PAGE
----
Here’s Why the CDC Updated Their Mask Recommendations (Again)
Editor’s Note: We have a simple goal: tap into the power of the global diabetes community to save lives. Visit coronavirusdiabetes.org to learn more about what you can do as a person with diabetes to keep yourself and others safe from COVID-19 until we’re all safe.
This article was published on Tuesday, August 3, 2021. As of Monday, August 23, the FDA has granted the Pfizer and BioNTech COVID-19 vaccine full approval for ages 16 and up, with the Emergency Use Authorization (EUA) still in effect for ages 12-15 and for booster doses for immunocompromised individuals. Full approval for other COVID-19 vaccines currently under EUA is expected soon.
On Tuesday, July 26, 2021, the Centers for Disease Control (CDC) in the United States issued new masking recommendations amidst increased rates and much more dangerous variants of COVID-19 in the US. There are two big and related reasons why:
- Masks are the most effective way to slow the spread of COVID-19, no matter your vaccination status. This is particularly important in places with high transmission rates; you can check your county’s rate here.
- We are in a fourth surge of COVID-19 in the United States, with hospitalization rates surging to higher than when the pandemic began. This is due to the more contagious and more dangerous delta variant of COVID-19.
Who needs to be wearing a mask and when?
Everyone, particularly when you’re in indoor public spaces (because you’re breathing in other people’s air, and they’re breathing in yours).
If you’re vaccinated, wearing a mask can protect you and others from breakthrough cases. Breakthrough cases (where a vaccinated person gets the COVID-19 disease) are rare, but vaccinated people can still carry the coronavirus to others without having any symptoms. Luckily, vaccinations still make a massive difference—people who are vaccinated are less likely to carry coronavirus and are extremely unlikely to experience any severe symptoms from the disease.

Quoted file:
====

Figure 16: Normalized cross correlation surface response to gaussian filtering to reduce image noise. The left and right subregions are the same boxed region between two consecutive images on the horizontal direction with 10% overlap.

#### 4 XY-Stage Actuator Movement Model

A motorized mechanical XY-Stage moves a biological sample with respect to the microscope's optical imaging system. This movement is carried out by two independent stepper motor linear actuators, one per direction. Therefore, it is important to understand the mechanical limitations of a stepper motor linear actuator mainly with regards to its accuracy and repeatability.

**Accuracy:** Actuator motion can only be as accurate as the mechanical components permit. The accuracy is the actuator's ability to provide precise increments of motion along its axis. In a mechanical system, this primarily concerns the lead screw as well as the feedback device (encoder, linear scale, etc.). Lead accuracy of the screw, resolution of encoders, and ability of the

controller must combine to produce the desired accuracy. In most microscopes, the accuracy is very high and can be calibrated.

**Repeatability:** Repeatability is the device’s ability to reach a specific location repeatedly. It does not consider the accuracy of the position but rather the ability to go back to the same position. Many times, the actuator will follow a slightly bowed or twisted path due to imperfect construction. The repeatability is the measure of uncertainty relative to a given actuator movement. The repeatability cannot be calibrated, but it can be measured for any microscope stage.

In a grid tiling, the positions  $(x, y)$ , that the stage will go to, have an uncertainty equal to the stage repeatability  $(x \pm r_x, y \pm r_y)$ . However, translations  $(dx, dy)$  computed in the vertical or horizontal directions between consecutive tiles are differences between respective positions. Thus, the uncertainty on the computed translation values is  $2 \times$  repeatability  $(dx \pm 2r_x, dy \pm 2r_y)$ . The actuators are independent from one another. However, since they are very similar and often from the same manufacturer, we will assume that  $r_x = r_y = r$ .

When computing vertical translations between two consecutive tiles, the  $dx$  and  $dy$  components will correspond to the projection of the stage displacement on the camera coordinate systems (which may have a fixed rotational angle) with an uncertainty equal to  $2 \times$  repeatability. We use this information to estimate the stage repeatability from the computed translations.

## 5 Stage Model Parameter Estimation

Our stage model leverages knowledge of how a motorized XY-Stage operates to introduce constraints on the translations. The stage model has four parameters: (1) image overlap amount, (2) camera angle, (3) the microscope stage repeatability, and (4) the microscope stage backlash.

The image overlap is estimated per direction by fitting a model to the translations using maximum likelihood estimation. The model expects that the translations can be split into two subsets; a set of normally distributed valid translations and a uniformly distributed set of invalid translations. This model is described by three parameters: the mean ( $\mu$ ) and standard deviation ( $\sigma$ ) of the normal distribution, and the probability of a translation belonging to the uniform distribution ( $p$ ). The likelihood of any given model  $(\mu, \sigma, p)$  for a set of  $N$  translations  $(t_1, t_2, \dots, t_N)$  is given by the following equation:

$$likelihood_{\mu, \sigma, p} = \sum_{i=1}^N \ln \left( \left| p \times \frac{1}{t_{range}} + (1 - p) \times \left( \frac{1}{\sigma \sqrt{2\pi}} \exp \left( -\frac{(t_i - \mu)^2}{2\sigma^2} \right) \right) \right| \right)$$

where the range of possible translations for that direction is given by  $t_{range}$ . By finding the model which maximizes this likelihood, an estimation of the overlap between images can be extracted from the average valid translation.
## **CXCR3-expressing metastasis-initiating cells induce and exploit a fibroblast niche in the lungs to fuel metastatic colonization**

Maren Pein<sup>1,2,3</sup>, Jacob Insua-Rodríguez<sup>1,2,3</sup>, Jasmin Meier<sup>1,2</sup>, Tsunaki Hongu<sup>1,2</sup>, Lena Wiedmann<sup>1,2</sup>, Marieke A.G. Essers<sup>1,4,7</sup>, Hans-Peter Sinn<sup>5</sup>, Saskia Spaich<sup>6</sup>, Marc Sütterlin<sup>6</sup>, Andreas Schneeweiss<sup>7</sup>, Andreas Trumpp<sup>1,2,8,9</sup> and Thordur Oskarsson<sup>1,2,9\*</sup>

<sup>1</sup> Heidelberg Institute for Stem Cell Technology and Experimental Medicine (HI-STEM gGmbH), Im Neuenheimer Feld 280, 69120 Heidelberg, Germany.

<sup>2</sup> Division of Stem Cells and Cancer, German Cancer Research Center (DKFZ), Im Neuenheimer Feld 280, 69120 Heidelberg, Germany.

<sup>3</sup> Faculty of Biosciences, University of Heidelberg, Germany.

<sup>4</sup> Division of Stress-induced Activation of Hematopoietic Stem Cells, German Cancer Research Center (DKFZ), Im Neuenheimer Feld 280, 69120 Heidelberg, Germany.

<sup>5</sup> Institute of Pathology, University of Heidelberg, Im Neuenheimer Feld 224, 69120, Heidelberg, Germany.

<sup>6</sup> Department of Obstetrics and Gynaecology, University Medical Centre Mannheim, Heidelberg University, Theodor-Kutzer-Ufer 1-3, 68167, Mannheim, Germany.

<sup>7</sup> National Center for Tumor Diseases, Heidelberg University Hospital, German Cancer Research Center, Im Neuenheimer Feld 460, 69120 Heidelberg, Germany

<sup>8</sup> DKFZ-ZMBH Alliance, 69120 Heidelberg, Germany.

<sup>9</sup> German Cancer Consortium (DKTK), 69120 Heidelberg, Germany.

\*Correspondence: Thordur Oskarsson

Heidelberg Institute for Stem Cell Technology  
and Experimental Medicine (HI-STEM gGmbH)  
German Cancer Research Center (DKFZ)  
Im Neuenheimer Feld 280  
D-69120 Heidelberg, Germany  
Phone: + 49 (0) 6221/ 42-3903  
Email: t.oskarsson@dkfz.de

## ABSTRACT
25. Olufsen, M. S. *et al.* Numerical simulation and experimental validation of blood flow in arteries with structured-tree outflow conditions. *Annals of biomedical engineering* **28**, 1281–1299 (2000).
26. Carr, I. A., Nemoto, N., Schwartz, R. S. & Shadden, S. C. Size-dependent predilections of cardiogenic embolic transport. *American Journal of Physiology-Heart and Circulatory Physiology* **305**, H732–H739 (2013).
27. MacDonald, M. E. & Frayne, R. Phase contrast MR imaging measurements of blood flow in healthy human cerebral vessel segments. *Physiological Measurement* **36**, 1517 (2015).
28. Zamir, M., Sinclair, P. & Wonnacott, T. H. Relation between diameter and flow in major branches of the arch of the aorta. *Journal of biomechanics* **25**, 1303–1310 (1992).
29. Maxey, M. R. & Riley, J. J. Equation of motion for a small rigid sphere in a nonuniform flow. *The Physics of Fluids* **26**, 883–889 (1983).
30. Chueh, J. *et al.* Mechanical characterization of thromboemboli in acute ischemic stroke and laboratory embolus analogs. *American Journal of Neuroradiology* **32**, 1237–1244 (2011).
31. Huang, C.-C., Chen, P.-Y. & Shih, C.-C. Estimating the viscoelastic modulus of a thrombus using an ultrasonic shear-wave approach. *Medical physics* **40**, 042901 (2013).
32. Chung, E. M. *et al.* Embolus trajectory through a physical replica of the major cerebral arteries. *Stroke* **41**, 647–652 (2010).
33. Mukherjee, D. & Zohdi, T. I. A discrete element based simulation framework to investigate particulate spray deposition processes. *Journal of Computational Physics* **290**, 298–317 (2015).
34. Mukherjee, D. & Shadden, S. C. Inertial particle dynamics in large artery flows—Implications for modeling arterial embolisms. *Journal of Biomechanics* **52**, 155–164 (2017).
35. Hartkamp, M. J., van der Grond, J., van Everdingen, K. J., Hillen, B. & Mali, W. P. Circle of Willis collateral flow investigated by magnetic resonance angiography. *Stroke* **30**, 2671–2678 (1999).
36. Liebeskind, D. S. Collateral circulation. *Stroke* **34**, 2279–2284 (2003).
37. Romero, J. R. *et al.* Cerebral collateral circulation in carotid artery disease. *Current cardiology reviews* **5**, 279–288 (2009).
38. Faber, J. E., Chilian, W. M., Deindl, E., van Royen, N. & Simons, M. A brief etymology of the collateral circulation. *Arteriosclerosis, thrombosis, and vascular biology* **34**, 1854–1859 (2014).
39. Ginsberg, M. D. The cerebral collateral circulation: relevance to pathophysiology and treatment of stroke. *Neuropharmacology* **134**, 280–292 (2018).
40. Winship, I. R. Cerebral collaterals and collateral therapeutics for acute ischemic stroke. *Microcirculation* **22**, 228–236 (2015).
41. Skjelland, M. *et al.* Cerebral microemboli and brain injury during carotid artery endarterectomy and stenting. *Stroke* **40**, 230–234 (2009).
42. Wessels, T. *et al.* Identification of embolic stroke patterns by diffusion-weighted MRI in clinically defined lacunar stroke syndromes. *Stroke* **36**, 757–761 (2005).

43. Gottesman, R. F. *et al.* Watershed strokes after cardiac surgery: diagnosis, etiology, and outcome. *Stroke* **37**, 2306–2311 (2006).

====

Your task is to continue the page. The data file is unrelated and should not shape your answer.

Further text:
If you’re not vaccinated, this is to protect yourself and others, as you can carry high levels of COVID-19 to others even if you don’t get sick yourself. However, even if you’re an otherwise healthy person, it’s important to keep in mind just how much more dangerous the new variants of COVID-19 are.
These variants will continue to develop rapidly until almost everyone is vaccinated—because they have so many hosts in which to thrive—and they are more contagious than the original COVID-19 variant. This is due to how viruses mutate (all viruses do this; it’s why we have new flu vaccines every year to address new variants of the flu). And because so many people are still unvaccinated, the virus has lots of places to thrive and change, making it more contagious and more dangerous.
Why do vaccinated people need to wear a mask in indoor public spaces?
The delta variant can live in small amounts in people who are vaccinated, so even with no symptoms of COVID-19 ourselves, vaccinated folks can still pass the virus to other people.
This is particularly dangerous for the elderly or ill who have already been vaccinated but cannot afford to take on the high viral load of the delta variant and for children who are not yet eligible to be vaccinated.
What can we do to protect ourselves and others from the new variants?
Getting vaccinated against COVID-19 and continuing to wear masks in indoor public spaces are the most impactful things we can each do to protect ourselves and others. Doing so right now matters, as we do not want to give the novel coronavirus more time to continue mutating beyond what we know how to prevent and treat. We have the tools to stop the current COVID-19 variations but they mean nothing unless we all use them now.
What if I’m too healthy to get COVID-19?
Particularly if you have diabetes, you pay so much attention to your health, and you already do so much to make sure your system is healthy and strong. But think about this—hospitals are getting overwhelmed by COVID patients again, which means they cannot provide care for anyone else who needs it. Check out this statement from the chief medical officer of Our Lady of the Lake Hospital in Louisiana.
Even if you don’t get COVID-19, can you absolutely guarantee that you won’t have a diabetes issue that needs medical help? That you won’t get in an accident where you need the emergency room? What if you just get the normal flu and you need IV-fluids, but there aren’t enough medical professionals to help you because they’re all dealing with COVID patients?
COVID-19 is a disruptor to our entire medical system. Protecting yourselves and others against it by getting the vaccine is the best way to ensure that you and your loved ones will be able to get the care they need, when they need it.
When will this end?
When the vast majority of people are vaccinated against COVID-19, giving the virus no more places to hide and mutate into stronger and more dangerous versions.
Do your part. Get vaccinated. If you’re hesitant about them or want to learn more about their safety, read this piece clarifying a few myths about the vaccines, or this piece explaining how mRNA vaccines work.